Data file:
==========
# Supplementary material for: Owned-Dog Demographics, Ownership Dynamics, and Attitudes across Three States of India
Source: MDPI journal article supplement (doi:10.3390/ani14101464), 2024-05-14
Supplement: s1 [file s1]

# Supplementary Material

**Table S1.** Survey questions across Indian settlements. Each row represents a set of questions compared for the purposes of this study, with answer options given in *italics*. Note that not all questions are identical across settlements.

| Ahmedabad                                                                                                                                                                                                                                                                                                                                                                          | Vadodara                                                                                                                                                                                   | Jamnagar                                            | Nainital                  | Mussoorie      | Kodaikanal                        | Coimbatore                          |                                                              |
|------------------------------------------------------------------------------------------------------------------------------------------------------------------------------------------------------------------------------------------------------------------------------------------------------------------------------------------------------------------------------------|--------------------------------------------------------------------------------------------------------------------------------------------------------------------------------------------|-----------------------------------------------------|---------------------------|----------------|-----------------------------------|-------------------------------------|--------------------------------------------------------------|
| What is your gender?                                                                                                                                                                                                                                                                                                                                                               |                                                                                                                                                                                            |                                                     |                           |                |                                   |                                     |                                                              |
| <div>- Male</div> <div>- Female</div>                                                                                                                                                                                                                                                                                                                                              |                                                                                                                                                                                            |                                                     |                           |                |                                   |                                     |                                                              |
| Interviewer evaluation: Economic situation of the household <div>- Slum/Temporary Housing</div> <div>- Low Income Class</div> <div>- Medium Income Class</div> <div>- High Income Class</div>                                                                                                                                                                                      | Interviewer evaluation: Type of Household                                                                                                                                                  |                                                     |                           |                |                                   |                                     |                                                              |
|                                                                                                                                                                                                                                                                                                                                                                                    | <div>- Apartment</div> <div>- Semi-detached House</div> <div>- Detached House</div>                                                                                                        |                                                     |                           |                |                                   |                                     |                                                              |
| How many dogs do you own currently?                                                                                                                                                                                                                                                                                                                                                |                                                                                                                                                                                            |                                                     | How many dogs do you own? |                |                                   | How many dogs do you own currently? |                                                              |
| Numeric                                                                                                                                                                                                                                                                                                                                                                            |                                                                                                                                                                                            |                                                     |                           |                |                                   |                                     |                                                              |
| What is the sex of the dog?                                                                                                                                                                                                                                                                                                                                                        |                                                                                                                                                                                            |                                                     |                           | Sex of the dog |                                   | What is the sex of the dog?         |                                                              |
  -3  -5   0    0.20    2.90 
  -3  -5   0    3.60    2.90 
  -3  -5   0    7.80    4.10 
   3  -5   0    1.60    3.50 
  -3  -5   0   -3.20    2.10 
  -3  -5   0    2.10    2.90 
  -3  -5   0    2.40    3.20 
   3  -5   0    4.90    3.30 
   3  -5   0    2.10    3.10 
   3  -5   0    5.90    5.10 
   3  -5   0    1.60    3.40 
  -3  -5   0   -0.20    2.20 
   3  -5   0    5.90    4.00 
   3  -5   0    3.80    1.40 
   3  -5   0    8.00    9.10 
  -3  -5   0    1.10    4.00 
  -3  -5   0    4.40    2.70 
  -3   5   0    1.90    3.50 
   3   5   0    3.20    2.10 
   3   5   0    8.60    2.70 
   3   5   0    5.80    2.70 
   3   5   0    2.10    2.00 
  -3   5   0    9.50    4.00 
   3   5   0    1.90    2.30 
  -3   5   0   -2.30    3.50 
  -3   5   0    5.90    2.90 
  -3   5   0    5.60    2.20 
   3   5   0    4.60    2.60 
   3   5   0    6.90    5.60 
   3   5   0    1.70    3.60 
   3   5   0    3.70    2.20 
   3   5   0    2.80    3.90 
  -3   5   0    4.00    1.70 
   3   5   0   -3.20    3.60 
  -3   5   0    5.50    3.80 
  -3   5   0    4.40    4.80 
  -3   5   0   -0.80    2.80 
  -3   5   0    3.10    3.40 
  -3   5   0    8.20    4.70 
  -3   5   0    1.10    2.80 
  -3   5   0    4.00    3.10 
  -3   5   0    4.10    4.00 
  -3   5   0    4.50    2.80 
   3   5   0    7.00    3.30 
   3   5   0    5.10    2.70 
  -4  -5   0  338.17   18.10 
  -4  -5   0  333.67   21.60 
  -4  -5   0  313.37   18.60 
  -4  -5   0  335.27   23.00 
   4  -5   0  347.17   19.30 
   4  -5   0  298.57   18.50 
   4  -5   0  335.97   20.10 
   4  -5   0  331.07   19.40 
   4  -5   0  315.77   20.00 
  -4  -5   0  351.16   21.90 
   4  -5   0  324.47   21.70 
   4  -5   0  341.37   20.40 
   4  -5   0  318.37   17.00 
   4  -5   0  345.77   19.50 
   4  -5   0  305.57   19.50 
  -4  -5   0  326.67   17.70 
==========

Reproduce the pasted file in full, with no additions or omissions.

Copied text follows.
# Supplementary material for: Owned-Dog Demographics, Ownership Dynamics, and Attitudes across Three States of India
Source: MDPI journal article supplement (doi:10.3390/ani14101464), 2024-05-14
Supplement: s1 [file s1]

# Supplementary Material

**Table S1.** Survey questions across Indian settlements. Each row represents a set of questions compared for the purposes of this study, with answer options given in *italics*. Note that not all questions are identical across settlements.

| Ahmedabad                                                                                                                                                                                                                                                                                                                                                                          | Vadodara                                                                                                                                                                                   | Jamnagar                                            | Nainital                  | Mussoorie      | Kodaikanal                        | Coimbatore                          |                                                              |
|------------------------------------------------------------------------------------------------------------------------------------------------------------------------------------------------------------------------------------------------------------------------------------------------------------------------------------------------------------------------------------|--------------------------------------------------------------------------------------------------------------------------------------------------------------------------------------------|-----------------------------------------------------|---------------------------|----------------|-----------------------------------|-------------------------------------|--------------------------------------------------------------|
| What is your gender?                                                                                                                                                                                                                                                                                                                                                               |                                                                                                                                                                                            |                                                     |                           |                |                                   |                                     |                                                              |
| <div>- Male</div> <div>- Female</div>                                                                                                                                                                                                                                                                                                                                              |                                                                                                                                                                                            |                                                     |                           |                |                                   |                                     |                                                              |
| Interviewer evaluation: Economic situation of the household <div>- Slum/Temporary Housing</div> <div>- Low Income Class</div> <div>- Medium Income Class</div> <div>- High Income Class</div>                                                                                                                                                                                      | Interviewer evaluation: Type of Household                                                                                                                                                  |                                                     |                           |                |                                   |                                     |                                                              |
|                                                                                                                                                                                                                                                                                                                                                                                    | <div>- Apartment</div> <div>- Semi-detached House</div> <div>- Detached House</div>                                                                                                        |                                                     |                           |                |                                   |                                     |                                                              |
| How many dogs do you own currently?                                                                                                                                                                                                                                                                                                                                                |                                                                                                                                                                                            |                                                     | How many dogs do you own? |                |                                   | How many dogs do you own currently? |                                                              |
| Numeric                                                                                                                                                                                                                                                                                                                                                                            |                                                                                                                                                                                            |                                                     |                           |                |                                   |                                     |                                                              |
| What is the sex of the dog?                                                                                                                                                                                                                                                                                                                                                        |                                                                                                                                                                                            |                                                     |                           | Sex of the dog |                                   | What is the sex of the dog?         |                                                              |
  -3  -5   0    0.20    2.90 
  -3  -5   0    3.60    2.90 
  -3  -5   0    7.80    4.10 
   3  -5   0    1.60    3.50 
  -3  -5   0   -3.20    2.10 
  -3  -5   0    2.10    2.90 
  -3  -5   0    2.40    3.20 
   3  -5   0    4.90    3.30 
   3  -5   0    2.10    3.10 
   3  -5   0    5.90    5.10 
   3  -5   0    1.60    3.40 
  -3  -5   0   -0.20    2.20 
   3  -5   0    5.90    4.00 
   3  -5   0    3.80    1.40 
   3  -5   0    8.00    9.10 
  -3  -5   0    1.10    4.00 
  -3  -5   0    4.40    2.70 
  -3   5   0    1.90    3.50 
   3   5   0    3.20    2.10 
   3   5   0    8.60    2.70 
   3   5   0    5.80    2.70 
   3   5   0    2.10    2.00 
  -3   5   0    9.50    4.00 
   3   5   0    1.90    2.30 
  -3   5   0   -2.30    3.50 
  -3   5   0    5.90    2.90 
  -3   5   0    5.60    2.20 
   3   5   0    4.60    2.60 
   3   5   0    6.90    5.60 
   3   5   0    1.70    3.60 
   3   5   0    3.70    2.20 
   3   5   0    2.80    3.90 
  -3   5   0    4.00    1.70 
   3   5   0   -3.20    3.60 
  -3   5   0    5.50    3.80 
  -3   5   0    4.40    4.80 
  -3   5   0   -0.80    2.80 
  -3   5   0    3.10    3.40 
  -3   5   0    8.20    4.70 
  -3   5   0    1.10    2.80 
  -3   5   0    4.00    3.10 
  -3   5   0    4.10    4.00 
  -3   5   0    4.50    2.80 
   3   5   0    7.00    3.30 
   3   5   0    5.10    2.70 
  -4  -5   0  338.17   18.10 
  -4  -5   0  333.67   21.60 
  -4  -5   0  313.37   18.60 
  -4  -5   0  335.27   23.00 
   4  -5   0  347.17   19.30 
   4  -5   0  298.57   18.50 
   4  -5   0  335.97   20.10 
   4  -5   0  331.07   19.40 
   4  -5   0  315.77   20.00 
  -4  -5   0  351.16   21.90 
   4  -5   0  324.47   21.70 
   4  -5   0  341.37   20.40 
   4  -5   0  318.37   17.00 
   4  -5   0  345.77   19.50 
   4  -5   0  305.57   19.50 
  -4  -5   0  326.67   17.70 